Monteverdi’s L’Orfeo - premiered in 1607 at the Ducal Palace in Mantua - is a unique masterpiece in its way of thinking and representing music that never ceases to inspire the greatest.
Emiliano Gonzalez Toro, at the heart of his ensemble I Gemelli, signs his third recording for naïve with this luxuriant reading refocused around the voice, which exalts both the aesthetics inherited from the Renaissance and the modernity of a virtuoso score.
This production, hailed on the stages of Paris and Toulouse at the end of 2019, has the singularity of being conducted ‘by the voice’ by the tenor, who plays the title role while directing singers and instrumentalists. Emiliano Gonzalez Toro displays his care - not only for himself but also for the ten soloists who surround him - with richly ornamented vocal lines that contrast in their dynamics and climates, always keeping the narration and interventions of the characters in tension.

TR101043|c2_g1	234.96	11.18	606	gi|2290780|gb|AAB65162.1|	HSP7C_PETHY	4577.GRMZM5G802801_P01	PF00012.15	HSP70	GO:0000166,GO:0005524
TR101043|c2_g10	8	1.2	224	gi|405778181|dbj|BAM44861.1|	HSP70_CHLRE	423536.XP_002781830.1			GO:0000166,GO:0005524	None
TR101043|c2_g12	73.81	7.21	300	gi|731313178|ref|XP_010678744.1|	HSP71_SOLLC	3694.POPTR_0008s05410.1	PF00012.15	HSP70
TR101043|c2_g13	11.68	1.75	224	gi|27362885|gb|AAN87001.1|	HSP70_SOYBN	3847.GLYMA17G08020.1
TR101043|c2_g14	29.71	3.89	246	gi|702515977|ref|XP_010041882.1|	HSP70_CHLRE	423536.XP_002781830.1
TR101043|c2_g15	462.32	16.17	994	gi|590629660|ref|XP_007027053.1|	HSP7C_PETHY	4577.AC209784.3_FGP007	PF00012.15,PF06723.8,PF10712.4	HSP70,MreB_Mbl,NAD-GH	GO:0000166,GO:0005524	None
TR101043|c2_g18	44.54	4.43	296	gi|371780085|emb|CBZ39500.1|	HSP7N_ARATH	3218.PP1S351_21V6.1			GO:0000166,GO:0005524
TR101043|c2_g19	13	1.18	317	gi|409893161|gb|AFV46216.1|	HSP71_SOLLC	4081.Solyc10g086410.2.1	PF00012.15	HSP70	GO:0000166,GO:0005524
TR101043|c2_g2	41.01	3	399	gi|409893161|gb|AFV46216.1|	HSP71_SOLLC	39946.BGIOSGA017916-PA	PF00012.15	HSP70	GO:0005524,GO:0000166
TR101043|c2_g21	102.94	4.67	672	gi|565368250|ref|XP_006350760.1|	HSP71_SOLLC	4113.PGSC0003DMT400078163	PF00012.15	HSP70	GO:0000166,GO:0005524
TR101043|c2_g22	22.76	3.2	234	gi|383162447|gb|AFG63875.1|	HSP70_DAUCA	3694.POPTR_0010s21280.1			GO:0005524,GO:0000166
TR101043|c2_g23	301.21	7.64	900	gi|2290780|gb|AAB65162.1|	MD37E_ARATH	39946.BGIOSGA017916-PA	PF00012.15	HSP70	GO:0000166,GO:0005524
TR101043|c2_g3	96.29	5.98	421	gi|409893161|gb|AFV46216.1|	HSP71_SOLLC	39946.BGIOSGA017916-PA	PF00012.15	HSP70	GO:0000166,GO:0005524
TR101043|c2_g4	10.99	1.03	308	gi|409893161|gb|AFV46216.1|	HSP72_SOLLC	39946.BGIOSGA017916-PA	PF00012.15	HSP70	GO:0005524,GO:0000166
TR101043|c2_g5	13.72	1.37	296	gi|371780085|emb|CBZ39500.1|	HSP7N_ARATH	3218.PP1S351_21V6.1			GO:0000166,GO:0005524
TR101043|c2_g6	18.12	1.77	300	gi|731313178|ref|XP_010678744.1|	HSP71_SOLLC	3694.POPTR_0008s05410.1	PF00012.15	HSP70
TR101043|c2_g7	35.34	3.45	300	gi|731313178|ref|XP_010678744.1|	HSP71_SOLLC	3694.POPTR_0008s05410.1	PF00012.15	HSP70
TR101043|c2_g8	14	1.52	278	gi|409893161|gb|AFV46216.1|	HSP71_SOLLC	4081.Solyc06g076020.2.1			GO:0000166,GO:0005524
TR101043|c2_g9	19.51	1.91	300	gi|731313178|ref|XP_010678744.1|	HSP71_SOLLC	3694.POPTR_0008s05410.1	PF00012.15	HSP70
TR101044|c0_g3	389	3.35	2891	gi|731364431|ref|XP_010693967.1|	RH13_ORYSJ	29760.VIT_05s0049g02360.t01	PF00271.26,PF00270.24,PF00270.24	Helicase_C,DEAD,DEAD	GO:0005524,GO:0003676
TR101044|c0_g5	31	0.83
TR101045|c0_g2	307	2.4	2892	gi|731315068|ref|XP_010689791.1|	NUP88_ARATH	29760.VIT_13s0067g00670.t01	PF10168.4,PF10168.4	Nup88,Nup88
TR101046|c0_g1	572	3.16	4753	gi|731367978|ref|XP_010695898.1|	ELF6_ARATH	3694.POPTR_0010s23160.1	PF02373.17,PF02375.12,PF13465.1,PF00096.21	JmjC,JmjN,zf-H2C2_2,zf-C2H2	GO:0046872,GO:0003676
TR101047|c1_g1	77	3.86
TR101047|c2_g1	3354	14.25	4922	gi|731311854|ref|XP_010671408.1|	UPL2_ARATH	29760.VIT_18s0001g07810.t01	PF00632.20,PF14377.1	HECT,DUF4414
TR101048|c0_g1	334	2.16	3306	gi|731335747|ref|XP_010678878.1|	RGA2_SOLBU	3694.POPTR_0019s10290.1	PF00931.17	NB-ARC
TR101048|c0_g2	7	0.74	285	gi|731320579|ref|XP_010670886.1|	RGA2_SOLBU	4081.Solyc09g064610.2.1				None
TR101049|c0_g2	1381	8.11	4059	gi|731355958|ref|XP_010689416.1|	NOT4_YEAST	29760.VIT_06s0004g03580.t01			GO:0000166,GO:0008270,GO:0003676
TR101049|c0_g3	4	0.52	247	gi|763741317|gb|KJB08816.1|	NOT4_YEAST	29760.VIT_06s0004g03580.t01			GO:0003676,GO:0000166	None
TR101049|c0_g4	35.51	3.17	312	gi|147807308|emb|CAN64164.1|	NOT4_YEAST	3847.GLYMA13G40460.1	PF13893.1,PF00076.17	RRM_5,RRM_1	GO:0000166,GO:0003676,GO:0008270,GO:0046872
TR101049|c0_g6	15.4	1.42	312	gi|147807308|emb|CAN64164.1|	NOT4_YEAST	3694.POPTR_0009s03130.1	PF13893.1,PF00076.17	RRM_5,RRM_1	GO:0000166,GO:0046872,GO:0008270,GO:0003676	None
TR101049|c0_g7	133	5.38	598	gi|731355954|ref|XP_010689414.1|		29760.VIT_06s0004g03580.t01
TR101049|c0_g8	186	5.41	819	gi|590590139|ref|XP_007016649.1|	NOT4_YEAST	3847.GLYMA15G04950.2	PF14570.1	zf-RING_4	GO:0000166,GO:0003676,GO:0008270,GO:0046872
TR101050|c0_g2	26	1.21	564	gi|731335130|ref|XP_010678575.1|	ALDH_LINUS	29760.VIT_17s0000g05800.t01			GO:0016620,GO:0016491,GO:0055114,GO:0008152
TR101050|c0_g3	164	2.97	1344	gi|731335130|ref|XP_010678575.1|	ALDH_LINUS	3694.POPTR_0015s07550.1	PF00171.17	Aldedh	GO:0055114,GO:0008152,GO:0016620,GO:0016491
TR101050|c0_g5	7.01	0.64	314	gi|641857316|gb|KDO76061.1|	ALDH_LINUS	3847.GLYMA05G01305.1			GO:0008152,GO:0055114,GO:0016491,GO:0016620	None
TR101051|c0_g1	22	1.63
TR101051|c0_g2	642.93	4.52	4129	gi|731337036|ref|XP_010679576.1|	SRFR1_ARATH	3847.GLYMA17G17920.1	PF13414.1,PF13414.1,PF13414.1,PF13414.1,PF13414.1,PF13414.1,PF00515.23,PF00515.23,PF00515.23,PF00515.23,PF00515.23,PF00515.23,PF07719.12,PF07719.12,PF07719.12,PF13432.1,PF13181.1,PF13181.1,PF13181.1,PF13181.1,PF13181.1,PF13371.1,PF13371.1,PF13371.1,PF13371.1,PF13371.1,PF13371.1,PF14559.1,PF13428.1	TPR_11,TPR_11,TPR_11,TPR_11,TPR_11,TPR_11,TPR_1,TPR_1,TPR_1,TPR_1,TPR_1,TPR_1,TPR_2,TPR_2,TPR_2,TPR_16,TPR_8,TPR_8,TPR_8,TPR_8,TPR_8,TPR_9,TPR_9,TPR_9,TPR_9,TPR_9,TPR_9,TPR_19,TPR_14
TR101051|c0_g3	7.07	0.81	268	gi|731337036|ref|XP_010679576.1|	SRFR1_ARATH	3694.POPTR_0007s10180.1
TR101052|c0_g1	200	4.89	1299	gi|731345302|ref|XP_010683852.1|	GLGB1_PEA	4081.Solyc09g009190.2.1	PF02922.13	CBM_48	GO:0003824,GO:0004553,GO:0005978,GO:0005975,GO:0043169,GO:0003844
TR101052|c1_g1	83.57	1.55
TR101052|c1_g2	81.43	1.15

From this fragmentation inherent in Striggio’s poem, which is also a model of proportions and balance for this favola in musica, the performers gathered here draw mobility and creativity, thanks to which recurrence is never repetitive and the pastoral scenes enhance moments of introspection such as “Rosa del cielo” (Act I), the famous “Tu se’ morta” (Act II) or the arrival of Orpheus in the Underworld in Act III (“Scorto da te”).
A continuo that is very inventive in its choice of timbres and accompaniment enriches the vocal and instrumental texture, dominated by the viols and enriched by a 1600 ceterone from the collections of the Musée de la Musique de Paris. The result is a true festive dimension, a powerful divine breath.